Loan trading as a channel for new product development
Your purchase plan should outline the types and sizes of loans you are looking to purchase.
As we embark on a new year, credit union executives are challenged to be innovative while also managing risk amid uncertain economic conditions.
The disruption of the coronavirus (COVID-19) pandemic has compelled credit unions to consider new business strategies. One less traditional path to new product development is loan trading.
Loan trading can help credit unions reduce risk in a challenging economy and boost their loan-to-share ratios. For new product incubation, loan trading is also an alternative to starting from the ground up.
By tapping into the experience of an established financial institution through loan purchases, investors can find a streamlined way to access new loan types that may be thriving in an otherwise slow loan growth environment.
Data is key
If your credit union is considering loan acquisitions as a precursor to a new product strategy, conducting periodic market and economic analyses will help you identify attractive asset classes. Macroeconomic trends, asset class growth outlooks, and other data will help you gain internal approval of a new loan type.
Your purchase plan should outline the types and sizes of loans you are looking to purchase, as well as geographic concentration as a way to diversify your current loan base.
Such a strategy should balance risk and net margin goals. To estimate prospective net margins of any target pool, core inputs include price, servicing fee, charge-off rate, prepayment speed, and remaining loan term.
In addition, you should use scenario analyses to estimate your risk tolerance on any pool.
At Alliant Credit Union, for example, we found an opportunity to invest in residential solar loans—a new asset class for our institution.
Alliant initially purchased a $50 million pool of loans from a credit union to gain exposure and performance history of the solar loan asset class. If the loans perform well, Alliant will be inclined to acquire future loans by working directly with a sourcing and installation company.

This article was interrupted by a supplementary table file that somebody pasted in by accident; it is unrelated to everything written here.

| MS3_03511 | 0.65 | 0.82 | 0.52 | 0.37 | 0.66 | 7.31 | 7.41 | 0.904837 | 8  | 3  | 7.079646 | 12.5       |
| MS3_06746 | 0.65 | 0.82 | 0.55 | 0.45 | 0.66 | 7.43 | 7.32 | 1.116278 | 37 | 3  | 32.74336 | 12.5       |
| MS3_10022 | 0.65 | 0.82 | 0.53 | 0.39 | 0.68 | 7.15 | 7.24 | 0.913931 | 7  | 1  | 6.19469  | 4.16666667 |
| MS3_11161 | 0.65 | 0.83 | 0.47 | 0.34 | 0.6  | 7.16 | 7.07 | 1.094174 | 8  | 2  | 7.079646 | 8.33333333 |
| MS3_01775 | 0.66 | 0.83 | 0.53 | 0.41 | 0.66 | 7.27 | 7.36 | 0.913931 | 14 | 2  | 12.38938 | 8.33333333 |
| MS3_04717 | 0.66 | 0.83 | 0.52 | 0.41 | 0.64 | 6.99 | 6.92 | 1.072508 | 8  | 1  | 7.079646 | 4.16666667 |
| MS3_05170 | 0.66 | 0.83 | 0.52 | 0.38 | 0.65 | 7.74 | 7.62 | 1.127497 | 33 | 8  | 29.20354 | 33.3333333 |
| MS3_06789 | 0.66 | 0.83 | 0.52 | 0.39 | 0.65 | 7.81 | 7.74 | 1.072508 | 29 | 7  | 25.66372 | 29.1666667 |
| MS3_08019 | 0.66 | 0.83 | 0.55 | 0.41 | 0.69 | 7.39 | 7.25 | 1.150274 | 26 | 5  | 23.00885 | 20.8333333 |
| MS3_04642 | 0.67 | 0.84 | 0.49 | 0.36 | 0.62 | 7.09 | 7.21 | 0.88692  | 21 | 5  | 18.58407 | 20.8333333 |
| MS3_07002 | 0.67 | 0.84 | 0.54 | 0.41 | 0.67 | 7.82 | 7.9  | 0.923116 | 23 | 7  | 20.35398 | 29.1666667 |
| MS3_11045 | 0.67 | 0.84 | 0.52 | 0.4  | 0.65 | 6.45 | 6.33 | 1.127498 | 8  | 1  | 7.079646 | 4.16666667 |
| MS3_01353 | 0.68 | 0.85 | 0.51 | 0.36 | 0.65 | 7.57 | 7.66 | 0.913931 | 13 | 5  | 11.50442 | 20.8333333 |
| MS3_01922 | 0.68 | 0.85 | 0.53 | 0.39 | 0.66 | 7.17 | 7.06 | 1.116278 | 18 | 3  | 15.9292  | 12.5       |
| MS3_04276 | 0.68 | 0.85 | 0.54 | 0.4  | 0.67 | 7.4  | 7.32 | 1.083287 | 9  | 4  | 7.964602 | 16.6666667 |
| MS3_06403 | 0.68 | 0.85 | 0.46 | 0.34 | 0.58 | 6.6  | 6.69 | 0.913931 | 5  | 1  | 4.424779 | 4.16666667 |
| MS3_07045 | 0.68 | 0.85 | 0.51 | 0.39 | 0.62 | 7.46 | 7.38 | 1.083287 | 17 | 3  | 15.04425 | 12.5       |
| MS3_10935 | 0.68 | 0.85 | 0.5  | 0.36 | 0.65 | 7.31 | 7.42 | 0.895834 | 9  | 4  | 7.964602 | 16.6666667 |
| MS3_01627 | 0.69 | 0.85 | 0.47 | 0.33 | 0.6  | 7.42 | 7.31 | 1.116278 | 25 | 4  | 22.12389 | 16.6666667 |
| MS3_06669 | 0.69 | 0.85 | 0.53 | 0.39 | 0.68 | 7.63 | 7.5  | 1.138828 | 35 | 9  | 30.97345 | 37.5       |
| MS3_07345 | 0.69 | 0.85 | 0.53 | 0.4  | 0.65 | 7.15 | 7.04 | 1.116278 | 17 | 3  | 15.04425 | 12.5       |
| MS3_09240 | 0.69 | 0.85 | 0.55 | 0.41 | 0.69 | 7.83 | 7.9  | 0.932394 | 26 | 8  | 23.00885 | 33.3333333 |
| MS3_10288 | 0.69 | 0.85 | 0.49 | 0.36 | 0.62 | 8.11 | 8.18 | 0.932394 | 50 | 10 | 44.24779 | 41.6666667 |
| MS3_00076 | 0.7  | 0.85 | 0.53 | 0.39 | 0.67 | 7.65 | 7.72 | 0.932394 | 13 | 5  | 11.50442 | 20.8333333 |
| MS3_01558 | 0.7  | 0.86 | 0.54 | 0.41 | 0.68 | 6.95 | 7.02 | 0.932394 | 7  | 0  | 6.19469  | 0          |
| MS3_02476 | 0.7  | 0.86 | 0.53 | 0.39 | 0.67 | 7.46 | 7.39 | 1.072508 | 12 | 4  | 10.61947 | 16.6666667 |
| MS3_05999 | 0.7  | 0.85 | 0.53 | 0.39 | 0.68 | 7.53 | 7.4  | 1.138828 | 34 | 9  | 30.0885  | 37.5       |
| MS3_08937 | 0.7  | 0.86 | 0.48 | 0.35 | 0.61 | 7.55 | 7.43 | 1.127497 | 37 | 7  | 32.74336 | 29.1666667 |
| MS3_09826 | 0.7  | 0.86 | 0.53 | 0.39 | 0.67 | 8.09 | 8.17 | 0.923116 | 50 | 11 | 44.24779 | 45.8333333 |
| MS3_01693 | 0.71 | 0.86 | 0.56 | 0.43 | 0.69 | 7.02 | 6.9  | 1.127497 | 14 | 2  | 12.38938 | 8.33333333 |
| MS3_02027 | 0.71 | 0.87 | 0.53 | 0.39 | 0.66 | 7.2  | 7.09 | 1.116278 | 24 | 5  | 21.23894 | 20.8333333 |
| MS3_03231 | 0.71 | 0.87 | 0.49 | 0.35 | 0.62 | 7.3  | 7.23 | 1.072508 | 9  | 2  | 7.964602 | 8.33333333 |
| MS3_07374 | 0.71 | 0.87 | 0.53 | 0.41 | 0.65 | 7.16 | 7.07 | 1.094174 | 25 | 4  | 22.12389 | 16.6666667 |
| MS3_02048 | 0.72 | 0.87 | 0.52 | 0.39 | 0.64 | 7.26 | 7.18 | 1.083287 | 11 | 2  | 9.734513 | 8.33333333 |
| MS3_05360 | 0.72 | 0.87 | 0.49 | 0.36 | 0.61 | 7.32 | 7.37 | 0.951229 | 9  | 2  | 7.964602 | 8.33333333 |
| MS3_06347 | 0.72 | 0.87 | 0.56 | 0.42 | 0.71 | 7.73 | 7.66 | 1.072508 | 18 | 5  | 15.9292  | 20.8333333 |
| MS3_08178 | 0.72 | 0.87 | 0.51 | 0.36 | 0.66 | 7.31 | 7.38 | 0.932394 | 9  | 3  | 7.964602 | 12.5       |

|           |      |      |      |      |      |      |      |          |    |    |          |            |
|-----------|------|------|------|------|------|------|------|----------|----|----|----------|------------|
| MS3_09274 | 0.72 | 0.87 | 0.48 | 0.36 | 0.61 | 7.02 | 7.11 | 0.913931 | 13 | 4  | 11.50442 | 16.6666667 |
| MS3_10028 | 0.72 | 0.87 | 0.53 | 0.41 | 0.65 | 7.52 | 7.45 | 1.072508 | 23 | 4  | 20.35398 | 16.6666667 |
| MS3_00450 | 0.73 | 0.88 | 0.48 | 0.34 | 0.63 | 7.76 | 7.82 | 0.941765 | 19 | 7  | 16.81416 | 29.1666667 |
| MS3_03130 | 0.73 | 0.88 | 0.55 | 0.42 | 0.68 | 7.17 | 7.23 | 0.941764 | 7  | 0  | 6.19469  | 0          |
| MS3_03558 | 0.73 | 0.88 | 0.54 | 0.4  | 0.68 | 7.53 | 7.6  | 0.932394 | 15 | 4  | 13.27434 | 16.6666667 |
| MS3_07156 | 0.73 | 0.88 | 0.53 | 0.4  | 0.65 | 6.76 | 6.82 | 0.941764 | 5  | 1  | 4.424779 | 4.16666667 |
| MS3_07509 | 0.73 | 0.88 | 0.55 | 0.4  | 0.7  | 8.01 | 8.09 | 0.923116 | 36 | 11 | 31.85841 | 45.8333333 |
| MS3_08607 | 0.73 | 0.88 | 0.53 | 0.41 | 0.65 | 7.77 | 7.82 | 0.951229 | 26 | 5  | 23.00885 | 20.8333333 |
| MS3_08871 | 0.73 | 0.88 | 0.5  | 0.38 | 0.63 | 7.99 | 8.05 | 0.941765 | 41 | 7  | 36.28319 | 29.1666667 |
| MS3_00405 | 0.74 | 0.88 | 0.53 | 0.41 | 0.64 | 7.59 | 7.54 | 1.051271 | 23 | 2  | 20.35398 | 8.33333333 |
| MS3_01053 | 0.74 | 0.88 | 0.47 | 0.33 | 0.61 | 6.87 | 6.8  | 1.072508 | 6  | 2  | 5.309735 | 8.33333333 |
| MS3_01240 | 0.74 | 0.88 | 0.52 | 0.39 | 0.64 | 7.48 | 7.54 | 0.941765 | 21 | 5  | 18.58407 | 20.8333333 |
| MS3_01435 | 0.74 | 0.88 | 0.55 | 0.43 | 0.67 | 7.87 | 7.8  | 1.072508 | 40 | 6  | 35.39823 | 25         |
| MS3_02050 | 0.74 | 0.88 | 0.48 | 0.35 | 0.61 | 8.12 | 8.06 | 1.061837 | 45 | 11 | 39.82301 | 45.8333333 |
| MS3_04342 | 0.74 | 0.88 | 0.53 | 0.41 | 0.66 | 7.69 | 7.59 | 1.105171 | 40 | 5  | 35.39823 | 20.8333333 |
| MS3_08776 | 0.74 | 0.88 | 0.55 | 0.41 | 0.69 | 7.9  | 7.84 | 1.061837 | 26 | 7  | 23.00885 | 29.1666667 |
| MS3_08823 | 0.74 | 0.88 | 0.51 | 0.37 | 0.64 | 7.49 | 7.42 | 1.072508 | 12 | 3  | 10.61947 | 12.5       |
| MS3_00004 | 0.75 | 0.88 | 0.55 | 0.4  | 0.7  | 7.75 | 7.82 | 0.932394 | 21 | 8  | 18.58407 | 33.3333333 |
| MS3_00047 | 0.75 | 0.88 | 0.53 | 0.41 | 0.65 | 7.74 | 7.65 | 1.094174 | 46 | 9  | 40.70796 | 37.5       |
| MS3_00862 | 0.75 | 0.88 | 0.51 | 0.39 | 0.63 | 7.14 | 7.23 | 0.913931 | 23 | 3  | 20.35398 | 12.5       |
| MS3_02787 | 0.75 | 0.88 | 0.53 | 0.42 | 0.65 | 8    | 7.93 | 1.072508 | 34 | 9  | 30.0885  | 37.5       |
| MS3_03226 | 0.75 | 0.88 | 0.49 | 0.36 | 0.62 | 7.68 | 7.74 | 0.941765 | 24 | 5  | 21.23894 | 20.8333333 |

Planning partner integration
Typically, loans purchased from organizations that directly source and install solar panels are more profitable than those purchased from a bank or credit union. However, be prepared for the time- and resource-intensive process of integrating such an indirect partnership into your internal accounting systems.
Talking to a wide variety of counterparties and brokers experienced in your potential asset class can help you plan your new product entry. You can also review the bond ratings of relevant securitized financings to inform your decision-making process.
In addition, industry reports can help your institution estimate loan growth rates and forecasted market shares, and identify an asset class with a bright long-term future.
One lesson Alliant has learned is that upfront planning during onboarding a partnership helps mitigate unforeseen issues. Accounting, credit risk, finance, regulatory, and technology teams all have a significant role to play during integration.
Given the integration challenges and the time required for onboarding partnerships, many institutions find it more cost-effective to buy loan participations instead.
Sourcing a new product pool
A new product loan pool may be sourced through a broker, platform, or other financial institutions. Each source has its pros and cons.
A broker may provide a wide variety of potential loan pools, as well as guidance on credit expectations and institutional knowledge, in exchange for a transaction fee.
Digital loan platforms provide information about a variety of loan products and historical transactions, but less-robust protections for purchasers than other channels. They’ll also charge an ongoing coupon clip and a platform posting fee.
A third option is direct partnership with a financial institution that already has an indirect partner. These transactions may take more initial effort, but they offer some unique benefits.
By partnering with a financial institution, you can build long-term relationships that streamline the future transaction flow, reduce trading costs, and improve access to asset class knowledge and best practices.
Regardless of macroeconomic trends at any given time, loan trading can help your credit union quickly access the benefits of new product development.
In today’s particularly challenging environment, loan trading provides an opportunity to help your credit union and its peers not only survive, but thrive into the future.
DAVID HOFFER is manager, loan trading desk, at Alliant Credit Union in Chicago.